Eric Carle and his wife, the late Barbara Carle, co-founded the Museum in November 2002. Carle is the renowned author and illustrator of more than 70 books, including the 1969 classic The Very Hungry Caterpillar. Since opening, the 40,000-square foot facility has served more than half a million visitors, including 50,000 schoolchildren. The Carle houses more than 11,000 objects, including 7,300 permanent collection illustrations. The Carle has three art galleries, an art studio, a theater, picture book and scholarly libraries, and educational programs for families, scholars, educators, and schoolchildren. Educational offerings include professional training for educators around the country and Master’s degree programs in children’s literature with Simmons College. Museum hours are Tuesday through Friday 10 a.m. to 4 p.m., Saturday 10 a.m. to 5 p.m., and Sunday 12 noon to 5 p.m. Open Mondays in July and August and during MA school vacation weeks. Admission is $9 for adults, $6 for children under 18, and $22.50 for a family of four. For further information and directions, call (413) 559-6300 or visit the Museum’s website at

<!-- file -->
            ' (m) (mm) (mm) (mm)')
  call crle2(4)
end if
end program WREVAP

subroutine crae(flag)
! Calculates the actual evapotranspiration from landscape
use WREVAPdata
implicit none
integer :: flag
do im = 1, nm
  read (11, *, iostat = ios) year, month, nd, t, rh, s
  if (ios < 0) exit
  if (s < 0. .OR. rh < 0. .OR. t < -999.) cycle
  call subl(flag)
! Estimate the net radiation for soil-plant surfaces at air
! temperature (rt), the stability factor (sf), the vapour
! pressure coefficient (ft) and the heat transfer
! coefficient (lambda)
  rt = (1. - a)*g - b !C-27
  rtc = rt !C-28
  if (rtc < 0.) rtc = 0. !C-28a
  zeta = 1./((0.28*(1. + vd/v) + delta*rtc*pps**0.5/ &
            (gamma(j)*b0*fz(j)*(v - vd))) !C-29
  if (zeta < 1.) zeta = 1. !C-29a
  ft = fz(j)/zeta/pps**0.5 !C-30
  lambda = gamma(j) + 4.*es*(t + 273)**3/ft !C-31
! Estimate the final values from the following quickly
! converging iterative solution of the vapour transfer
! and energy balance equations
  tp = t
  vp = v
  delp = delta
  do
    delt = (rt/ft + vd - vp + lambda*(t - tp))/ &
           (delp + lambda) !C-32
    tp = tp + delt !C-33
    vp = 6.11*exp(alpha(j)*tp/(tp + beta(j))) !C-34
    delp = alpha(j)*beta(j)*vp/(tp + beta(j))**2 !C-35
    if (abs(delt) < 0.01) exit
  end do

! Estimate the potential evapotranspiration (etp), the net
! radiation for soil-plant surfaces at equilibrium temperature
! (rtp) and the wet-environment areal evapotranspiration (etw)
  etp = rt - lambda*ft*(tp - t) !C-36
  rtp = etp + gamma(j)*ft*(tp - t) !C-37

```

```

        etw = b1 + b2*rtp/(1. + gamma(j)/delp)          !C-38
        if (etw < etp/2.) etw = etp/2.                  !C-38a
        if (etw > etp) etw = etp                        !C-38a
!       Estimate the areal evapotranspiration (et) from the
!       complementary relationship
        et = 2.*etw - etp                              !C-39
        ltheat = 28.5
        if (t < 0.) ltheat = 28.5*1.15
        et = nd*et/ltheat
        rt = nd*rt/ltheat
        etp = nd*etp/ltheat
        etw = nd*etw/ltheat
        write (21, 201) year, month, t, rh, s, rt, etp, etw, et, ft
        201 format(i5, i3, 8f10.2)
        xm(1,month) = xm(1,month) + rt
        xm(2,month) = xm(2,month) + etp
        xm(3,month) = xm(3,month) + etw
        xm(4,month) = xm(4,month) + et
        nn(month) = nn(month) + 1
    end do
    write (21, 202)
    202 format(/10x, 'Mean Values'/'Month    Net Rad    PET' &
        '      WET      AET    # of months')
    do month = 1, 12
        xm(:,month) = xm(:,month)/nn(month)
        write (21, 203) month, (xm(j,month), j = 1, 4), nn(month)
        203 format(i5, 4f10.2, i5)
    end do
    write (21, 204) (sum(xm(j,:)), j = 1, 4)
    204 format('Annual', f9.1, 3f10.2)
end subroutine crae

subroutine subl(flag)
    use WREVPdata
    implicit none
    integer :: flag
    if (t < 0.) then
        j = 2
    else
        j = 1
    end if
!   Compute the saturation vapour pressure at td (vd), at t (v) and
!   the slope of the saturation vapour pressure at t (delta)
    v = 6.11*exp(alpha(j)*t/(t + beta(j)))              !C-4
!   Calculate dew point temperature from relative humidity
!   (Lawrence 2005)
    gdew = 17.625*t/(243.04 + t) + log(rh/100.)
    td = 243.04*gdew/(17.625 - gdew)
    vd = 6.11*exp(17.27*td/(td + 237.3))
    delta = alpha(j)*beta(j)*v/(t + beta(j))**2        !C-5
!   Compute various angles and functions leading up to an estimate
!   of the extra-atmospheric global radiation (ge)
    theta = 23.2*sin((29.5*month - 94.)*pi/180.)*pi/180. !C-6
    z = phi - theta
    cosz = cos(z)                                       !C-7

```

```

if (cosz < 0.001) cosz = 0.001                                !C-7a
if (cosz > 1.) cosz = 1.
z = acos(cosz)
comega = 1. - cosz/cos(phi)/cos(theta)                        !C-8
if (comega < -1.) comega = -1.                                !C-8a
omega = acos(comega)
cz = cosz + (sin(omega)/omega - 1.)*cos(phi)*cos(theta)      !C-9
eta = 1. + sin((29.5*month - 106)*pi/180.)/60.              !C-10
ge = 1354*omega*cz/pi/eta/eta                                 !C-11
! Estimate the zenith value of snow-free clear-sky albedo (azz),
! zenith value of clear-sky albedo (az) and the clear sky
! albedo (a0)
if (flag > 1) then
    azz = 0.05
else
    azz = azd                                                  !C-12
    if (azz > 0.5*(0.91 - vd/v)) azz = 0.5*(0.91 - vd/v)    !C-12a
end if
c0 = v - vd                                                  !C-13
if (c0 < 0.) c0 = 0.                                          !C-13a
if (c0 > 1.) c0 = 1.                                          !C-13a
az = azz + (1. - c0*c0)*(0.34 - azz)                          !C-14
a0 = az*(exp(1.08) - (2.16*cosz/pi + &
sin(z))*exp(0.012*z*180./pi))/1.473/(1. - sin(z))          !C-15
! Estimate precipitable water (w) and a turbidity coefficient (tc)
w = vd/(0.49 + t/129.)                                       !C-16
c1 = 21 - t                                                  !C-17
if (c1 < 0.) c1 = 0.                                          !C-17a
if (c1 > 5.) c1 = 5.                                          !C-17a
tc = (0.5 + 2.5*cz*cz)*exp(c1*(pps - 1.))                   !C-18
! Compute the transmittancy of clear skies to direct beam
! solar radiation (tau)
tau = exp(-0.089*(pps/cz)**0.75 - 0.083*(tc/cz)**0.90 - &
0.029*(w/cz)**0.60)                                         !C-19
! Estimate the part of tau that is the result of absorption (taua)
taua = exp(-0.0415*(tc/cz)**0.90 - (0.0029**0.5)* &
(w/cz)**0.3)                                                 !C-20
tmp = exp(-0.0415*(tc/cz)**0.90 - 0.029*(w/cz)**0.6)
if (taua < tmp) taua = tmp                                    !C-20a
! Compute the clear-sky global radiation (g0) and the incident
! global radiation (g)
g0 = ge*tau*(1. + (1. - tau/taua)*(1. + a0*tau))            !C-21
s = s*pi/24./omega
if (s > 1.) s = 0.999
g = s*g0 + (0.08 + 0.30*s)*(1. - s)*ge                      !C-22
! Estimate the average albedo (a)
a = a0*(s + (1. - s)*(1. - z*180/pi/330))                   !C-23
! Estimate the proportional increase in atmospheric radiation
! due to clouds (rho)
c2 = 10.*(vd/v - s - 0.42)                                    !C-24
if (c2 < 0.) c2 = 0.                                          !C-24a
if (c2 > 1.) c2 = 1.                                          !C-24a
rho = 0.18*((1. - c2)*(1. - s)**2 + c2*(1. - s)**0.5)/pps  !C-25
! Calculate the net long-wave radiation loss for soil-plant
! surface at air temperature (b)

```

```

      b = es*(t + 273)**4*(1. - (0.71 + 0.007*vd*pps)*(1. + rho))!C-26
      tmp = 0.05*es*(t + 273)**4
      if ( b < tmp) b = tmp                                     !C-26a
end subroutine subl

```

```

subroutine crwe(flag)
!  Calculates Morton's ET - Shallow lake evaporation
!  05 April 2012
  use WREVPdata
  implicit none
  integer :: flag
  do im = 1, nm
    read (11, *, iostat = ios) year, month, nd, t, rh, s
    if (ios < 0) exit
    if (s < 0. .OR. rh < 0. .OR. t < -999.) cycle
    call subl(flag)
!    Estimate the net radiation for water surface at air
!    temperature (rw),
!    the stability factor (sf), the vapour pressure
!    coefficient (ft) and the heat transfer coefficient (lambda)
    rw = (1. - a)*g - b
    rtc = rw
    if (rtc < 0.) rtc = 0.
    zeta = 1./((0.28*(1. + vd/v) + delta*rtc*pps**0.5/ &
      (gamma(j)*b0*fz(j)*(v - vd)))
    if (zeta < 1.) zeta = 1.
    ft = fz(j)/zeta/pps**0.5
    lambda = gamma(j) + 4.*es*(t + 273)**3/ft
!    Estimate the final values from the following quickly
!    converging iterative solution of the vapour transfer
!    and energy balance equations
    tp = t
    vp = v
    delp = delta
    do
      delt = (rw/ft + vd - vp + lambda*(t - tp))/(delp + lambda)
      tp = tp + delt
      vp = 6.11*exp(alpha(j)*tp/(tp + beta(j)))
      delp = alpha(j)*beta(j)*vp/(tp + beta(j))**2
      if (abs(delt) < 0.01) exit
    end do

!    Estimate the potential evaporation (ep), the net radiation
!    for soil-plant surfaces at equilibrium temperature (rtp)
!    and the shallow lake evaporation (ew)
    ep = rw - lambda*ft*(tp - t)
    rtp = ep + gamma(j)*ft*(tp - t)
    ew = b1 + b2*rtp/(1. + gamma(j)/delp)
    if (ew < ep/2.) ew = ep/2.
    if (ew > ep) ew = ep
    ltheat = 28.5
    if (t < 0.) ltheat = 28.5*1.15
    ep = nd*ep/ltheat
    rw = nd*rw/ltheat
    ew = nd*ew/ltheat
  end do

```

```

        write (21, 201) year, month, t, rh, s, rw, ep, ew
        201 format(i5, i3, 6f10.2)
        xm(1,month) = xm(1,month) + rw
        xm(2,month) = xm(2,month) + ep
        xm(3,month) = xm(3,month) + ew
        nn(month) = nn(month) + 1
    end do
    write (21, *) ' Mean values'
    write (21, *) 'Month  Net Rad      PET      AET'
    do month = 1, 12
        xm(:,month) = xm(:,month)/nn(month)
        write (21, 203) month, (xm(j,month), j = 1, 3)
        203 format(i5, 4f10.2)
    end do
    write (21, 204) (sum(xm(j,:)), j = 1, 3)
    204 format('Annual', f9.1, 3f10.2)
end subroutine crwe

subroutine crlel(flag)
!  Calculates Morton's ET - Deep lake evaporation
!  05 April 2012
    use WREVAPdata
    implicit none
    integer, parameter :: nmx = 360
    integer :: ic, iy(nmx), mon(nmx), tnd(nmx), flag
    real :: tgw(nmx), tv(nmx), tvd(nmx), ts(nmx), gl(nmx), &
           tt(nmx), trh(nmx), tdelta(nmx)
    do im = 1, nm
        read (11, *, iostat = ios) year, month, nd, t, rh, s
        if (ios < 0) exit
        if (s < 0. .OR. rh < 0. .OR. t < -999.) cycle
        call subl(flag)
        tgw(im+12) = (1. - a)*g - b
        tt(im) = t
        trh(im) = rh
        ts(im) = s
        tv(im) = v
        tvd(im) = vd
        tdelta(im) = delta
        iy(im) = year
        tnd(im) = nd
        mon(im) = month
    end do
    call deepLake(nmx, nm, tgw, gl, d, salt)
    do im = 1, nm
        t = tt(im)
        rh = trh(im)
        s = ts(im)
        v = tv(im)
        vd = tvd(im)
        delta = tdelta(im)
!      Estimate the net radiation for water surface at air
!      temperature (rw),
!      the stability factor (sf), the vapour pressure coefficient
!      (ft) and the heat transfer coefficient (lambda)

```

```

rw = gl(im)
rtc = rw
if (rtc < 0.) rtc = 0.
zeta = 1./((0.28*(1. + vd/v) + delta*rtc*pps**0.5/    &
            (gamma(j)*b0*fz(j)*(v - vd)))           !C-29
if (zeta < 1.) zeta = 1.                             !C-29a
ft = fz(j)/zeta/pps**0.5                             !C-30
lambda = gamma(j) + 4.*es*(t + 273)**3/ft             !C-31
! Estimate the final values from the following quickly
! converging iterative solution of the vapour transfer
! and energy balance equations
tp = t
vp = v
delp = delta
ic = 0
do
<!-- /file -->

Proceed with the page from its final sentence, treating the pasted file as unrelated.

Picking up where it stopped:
IMAGES ARE AVAILABLE FOR REPRODUCTION. For additional press information and/or images, please contact Sandy Soderberg, Marketing Manager (413) 559–6315/